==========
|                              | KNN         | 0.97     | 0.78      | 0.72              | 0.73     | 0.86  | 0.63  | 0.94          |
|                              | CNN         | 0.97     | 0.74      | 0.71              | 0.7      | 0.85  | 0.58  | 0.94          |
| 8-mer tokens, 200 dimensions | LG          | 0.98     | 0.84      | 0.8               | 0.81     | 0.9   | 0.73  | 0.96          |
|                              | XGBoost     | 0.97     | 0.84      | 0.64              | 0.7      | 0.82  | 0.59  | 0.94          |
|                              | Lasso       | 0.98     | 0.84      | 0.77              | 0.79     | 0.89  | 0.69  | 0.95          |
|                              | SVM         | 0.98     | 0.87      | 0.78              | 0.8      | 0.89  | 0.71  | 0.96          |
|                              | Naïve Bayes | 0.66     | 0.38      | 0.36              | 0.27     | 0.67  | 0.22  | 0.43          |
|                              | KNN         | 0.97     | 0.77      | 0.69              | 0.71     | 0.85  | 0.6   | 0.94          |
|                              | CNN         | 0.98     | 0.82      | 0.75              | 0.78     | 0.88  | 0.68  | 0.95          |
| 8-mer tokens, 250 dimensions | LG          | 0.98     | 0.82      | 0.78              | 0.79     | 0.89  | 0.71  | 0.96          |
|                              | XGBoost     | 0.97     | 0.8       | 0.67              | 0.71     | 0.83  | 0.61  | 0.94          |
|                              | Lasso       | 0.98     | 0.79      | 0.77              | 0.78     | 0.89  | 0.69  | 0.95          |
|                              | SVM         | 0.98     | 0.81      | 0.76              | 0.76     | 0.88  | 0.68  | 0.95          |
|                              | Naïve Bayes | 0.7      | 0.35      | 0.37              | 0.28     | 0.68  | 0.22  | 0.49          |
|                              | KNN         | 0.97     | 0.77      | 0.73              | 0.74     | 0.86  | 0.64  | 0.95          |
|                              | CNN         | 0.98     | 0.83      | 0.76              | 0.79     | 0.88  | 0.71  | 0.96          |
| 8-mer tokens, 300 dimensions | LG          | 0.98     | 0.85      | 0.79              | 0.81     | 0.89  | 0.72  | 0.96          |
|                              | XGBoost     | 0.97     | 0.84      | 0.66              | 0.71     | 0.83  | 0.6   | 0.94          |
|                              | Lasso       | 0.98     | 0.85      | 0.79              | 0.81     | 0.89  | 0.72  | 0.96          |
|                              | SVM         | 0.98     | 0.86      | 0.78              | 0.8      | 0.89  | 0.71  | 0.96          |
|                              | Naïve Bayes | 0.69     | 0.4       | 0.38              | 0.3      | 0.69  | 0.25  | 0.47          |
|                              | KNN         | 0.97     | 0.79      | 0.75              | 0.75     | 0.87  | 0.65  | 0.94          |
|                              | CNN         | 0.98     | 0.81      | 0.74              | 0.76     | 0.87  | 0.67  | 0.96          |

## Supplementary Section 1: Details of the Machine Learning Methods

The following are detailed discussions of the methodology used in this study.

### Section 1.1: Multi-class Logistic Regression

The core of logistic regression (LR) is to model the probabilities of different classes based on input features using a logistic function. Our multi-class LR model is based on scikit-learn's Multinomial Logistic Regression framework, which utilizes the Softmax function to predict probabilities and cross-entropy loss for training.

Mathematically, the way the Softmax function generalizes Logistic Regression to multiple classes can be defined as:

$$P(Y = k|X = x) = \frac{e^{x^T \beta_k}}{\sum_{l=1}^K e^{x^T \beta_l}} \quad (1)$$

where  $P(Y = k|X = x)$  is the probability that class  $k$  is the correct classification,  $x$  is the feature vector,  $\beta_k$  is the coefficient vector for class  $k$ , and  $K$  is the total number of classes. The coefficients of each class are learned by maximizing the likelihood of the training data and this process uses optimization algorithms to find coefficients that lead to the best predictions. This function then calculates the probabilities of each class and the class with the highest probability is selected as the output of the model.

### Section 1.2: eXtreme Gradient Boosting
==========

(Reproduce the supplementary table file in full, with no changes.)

|                              | KNN         | 0.97     | 0.78      | 0.72              | 0.73     | 0.86  | 0.63  | 0.94          |
|                              | CNN         | 0.97     | 0.74      | 0.71              | 0.7      | 0.85  | 0.58  | 0.94          |
| 8-mer tokens, 200 dimensions | LG          | 0.98     | 0.84      | 0.8               | 0.81     | 0.9   | 0.73  | 0.96          |
|                              | XGBoost     | 0.97     | 0.84      | 0.64              | 0.7      | 0.82  | 0.59  | 0.94          |
|                              | Lasso       | 0.98     | 0.84      | 0.77              | 0.79     | 0.89  | 0.69  | 0.95          |
|                              | SVM         | 0.98     | 0.87      | 0.78              | 0.8      | 0.89  | 0.71  | 0.96          |
|                              | Naïve Bayes | 0.66     | 0.38      | 0.36              | 0.27     | 0.67  | 0.22  | 0.43          |
|                              | KNN         | 0.97     | 0.77      | 0.69              | 0.71     | 0.85  | 0.6   | 0.94          |
|                              | CNN         | 0.98     | 0.82      | 0.75              | 0.78     | 0.88  | 0.68  | 0.95          |
| 8-mer tokens, 250 dimensions | LG          | 0.98     | 0.82      | 0.78              | 0.79     | 0.89  | 0.71  | 0.96          |
|                              | XGBoost     | 0.97     | 0.8       | 0.67              | 0.71     | 0.83  | 0.61  | 0.94          |
|                              | Lasso       | 0.98     | 0.79      | 0.77              | 0.78     | 0.89  | 0.69  | 0.95          |
|                              | SVM         | 0.98     | 0.81      | 0.76              | 0.76     | 0.88  | 0.68  | 0.95          |
|                              | Naïve Bayes | 0.7      | 0.35      | 0.37              | 0.28     | 0.68  | 0.22  | 0.49          |
|                              | KNN         | 0.97     | 0.77      | 0.73              | 0.74     | 0.86  | 0.64  | 0.95          |
|                              | CNN         | 0.98     | 0.83      | 0.76              | 0.79     | 0.88  | 0.71  | 0.96          |
| 8-mer tokens, 300 dimensions | LG          | 0.98     | 0.85      | 0.79              | 0.81     | 0.89  | 0.72  | 0.96          |
|                              | XGBoost     | 0.97     | 0.84      | 0.66              | 0.71     | 0.83  | 0.6   | 0.94          |
|                              | Lasso       | 0.98     | 0.85      | 0.79              | 0.81     | 0.89  | 0.72  | 0.96          |
|                              | SVM         | 0.98     | 0.86      | 0.78              | 0.8      | 0.89  | 0.71  | 0.96          |
|                              | Naïve Bayes | 0.69     | 0.4       | 0.38              | 0.3      | 0.69  | 0.25  | 0.47          |
|                              | KNN         | 0.97     | 0.79      | 0.75              | 0.75     | 0.87  | 0.65  | 0.94          |
|                              | CNN         | 0.98     | 0.81      | 0.74              | 0.76     | 0.87  | 0.67  | 0.96          |

## Supplementary Section 1: Details of the Machine Learning Methods

The following are detailed discussions of the methodology used in this study.

### Section 1.1: Multi-class Logistic Regression

The core of logistic regression (LR) is to model the probabilities of different classes based on input features using a logistic function. Our multi-class LR model is based on scikit-learn's Multinomial Logistic Regression framework, which utilizes the Softmax function to predict probabilities and cross-entropy loss for training.

Mathematically, the way the Softmax function generalizes Logistic Regression to multiple classes can be defined as:

$$P(Y = k|X = x) = \frac{e^{x^T \beta_k}}{\sum_{l=1}^K e^{x^T \beta_l}} \quad (1)$$

where  $P(Y = k|X = x)$  is the probability that class  $k$  is the correct classification,  $x$  is the feature vector,  $\beta_k$  is the coefficient vector for class  $k$ , and  $K$  is the total number of classes. The coefficients of each class are learned by maximizing the likelihood of the training data and this process uses optimization algorithms to find coefficients that lead to the best predictions. This function then calculates the probabilities of each class and the class with the highest probability is selected as the output of the model.

### Section 1.2: eXtreme Gradient Boosting